Funerals without God: A Practical Guide to Non-Religious Funerals
Prometheus Books UK
Jane Wynne Willson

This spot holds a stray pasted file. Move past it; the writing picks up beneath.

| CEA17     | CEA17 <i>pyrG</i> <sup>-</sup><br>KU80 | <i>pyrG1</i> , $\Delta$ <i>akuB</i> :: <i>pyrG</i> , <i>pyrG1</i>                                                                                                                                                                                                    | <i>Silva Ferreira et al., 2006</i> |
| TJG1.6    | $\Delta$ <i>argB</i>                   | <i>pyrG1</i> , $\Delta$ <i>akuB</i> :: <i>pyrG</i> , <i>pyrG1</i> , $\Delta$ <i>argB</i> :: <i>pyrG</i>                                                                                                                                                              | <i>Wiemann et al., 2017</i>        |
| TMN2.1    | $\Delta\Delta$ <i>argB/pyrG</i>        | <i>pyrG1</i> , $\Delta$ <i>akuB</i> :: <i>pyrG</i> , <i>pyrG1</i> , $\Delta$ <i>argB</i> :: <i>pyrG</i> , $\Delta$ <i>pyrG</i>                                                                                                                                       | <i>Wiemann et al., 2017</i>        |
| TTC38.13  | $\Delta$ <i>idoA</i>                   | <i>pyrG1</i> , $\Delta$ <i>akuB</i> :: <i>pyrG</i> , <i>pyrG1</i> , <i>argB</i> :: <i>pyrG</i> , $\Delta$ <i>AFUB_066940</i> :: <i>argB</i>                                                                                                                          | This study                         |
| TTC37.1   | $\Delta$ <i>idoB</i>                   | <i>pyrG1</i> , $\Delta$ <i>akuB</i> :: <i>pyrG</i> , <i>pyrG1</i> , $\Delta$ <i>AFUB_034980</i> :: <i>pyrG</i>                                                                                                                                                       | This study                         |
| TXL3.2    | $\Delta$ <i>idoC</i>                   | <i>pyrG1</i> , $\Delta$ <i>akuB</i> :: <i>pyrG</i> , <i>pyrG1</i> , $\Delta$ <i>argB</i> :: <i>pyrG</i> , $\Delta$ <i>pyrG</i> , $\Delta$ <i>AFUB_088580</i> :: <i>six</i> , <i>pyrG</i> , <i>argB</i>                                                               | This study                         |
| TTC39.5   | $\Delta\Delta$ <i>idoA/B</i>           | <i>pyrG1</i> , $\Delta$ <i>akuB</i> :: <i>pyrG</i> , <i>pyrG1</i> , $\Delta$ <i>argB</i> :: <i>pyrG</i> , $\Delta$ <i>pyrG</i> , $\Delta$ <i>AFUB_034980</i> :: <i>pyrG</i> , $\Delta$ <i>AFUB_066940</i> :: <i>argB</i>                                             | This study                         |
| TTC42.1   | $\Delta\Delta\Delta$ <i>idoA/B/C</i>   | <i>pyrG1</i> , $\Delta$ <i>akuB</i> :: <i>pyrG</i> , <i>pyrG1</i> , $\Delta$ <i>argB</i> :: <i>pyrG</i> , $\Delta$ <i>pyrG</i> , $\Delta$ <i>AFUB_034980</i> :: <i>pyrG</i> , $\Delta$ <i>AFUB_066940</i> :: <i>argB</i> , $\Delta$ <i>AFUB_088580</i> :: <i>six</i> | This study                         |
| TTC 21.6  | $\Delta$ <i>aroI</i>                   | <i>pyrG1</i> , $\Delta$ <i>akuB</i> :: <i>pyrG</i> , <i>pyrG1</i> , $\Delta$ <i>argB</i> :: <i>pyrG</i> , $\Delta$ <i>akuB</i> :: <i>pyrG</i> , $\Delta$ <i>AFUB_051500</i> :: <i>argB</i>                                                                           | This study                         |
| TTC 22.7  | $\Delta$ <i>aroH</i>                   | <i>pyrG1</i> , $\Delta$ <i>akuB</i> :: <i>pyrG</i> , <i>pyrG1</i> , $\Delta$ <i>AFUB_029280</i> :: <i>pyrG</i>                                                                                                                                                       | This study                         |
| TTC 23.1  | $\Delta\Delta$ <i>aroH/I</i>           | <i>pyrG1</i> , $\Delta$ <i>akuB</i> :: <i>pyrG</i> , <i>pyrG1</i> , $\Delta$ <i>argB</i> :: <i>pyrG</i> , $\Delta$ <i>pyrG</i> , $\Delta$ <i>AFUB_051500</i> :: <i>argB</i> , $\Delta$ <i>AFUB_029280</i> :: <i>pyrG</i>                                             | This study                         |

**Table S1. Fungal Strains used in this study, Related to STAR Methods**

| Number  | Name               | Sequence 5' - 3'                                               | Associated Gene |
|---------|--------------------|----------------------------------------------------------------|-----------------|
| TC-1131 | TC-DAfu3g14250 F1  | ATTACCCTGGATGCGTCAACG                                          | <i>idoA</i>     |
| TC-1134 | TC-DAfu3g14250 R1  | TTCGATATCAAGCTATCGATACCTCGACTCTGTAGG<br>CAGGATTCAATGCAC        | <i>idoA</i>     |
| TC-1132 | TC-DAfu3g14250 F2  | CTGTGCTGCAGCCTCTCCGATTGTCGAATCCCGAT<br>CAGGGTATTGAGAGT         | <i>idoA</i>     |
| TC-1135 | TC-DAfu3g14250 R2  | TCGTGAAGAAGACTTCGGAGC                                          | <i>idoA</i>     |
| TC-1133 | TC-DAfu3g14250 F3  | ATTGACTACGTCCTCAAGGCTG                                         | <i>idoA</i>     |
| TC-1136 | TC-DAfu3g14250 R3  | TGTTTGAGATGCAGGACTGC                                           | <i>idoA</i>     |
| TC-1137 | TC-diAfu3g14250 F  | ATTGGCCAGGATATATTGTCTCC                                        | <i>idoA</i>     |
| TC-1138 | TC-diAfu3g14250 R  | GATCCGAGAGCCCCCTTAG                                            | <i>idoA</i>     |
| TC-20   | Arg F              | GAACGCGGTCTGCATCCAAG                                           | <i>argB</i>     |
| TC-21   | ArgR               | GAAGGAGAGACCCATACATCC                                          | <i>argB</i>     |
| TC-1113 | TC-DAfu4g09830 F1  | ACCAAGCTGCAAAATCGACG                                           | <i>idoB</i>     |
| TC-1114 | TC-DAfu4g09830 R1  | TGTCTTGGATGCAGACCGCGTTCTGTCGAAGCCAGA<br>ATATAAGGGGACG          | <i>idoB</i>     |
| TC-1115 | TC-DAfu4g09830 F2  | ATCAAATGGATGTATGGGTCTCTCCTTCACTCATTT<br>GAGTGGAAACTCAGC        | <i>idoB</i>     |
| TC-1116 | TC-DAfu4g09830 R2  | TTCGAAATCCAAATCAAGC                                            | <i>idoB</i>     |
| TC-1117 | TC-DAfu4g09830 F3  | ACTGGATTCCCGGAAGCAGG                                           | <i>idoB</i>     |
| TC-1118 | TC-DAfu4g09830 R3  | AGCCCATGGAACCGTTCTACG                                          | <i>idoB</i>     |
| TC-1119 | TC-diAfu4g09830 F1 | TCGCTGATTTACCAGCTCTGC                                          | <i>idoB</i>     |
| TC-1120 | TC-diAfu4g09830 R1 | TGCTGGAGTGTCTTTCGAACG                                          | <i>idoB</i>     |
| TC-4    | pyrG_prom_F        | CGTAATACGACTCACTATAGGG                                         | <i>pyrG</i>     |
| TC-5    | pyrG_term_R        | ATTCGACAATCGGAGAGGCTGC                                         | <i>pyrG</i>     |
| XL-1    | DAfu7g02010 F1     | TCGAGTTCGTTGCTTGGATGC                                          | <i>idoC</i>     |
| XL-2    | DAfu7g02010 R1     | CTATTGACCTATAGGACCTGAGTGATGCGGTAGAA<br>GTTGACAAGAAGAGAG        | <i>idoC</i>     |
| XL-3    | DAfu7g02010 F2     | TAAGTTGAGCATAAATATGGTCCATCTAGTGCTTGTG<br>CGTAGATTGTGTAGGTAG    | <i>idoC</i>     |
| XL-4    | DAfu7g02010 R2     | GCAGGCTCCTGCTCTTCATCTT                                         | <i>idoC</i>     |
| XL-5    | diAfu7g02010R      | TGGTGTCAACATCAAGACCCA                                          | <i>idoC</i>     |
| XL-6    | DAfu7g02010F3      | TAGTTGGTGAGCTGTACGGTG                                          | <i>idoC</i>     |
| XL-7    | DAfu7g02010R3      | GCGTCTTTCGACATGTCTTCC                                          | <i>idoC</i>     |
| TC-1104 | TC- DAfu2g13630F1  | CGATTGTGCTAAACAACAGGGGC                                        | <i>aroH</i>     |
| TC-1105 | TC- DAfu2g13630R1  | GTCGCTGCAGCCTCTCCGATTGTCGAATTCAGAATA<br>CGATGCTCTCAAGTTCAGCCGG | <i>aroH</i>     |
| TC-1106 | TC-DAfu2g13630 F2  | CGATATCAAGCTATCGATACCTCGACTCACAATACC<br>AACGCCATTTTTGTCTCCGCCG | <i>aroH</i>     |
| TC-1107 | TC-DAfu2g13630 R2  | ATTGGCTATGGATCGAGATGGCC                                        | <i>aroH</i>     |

The main purpose of this booklet is twofold: to help Humanists who are thinking of becoming officiants on a regular basis; and to help families and friends who are faced with the need to organize a ceremony themselves at short notice. A third group who may find parts of it useful are funeral directors coping with funerals where there is no officiant and the family has no wish to play an active role. The booklet aims to set out clearly the basic format of a Humanist ceremony, to suggest possible readings and turns of phrase, and to state simply the various practical measures that need to be taken. In short, it is a straightforward working manual. "[It was] the first funeral I had attended where I felt comfortable, and comfortedby the words spoken." " . . . it gave me a sense of great peace." "To hear others publicly proclaim their love, respect and admiration for myhusband made the funeral an uplifting experience. Afterwards so many who hadattended told me that it was the most interesting, most moving, most relevantand best funeral that they had ever been to. Their remarks gave me a greatdeal of comfort and I knew that I had treated my husband's atheism with therespect and dignity that it deserved." "A large number of those present, from a wide range of beliefs and backgrounds, later expressed what we can only call enthusiasm for an experience that wasnew to them, and in many cases compared very favourable with the often awkwardand impersonal alternatives with which they were familiar." "Bearing in mind that this is a form of ceremony which has not yet gained wideacceptance, we consider ourselves fortunate . . . to have received such expert andpersonal attention."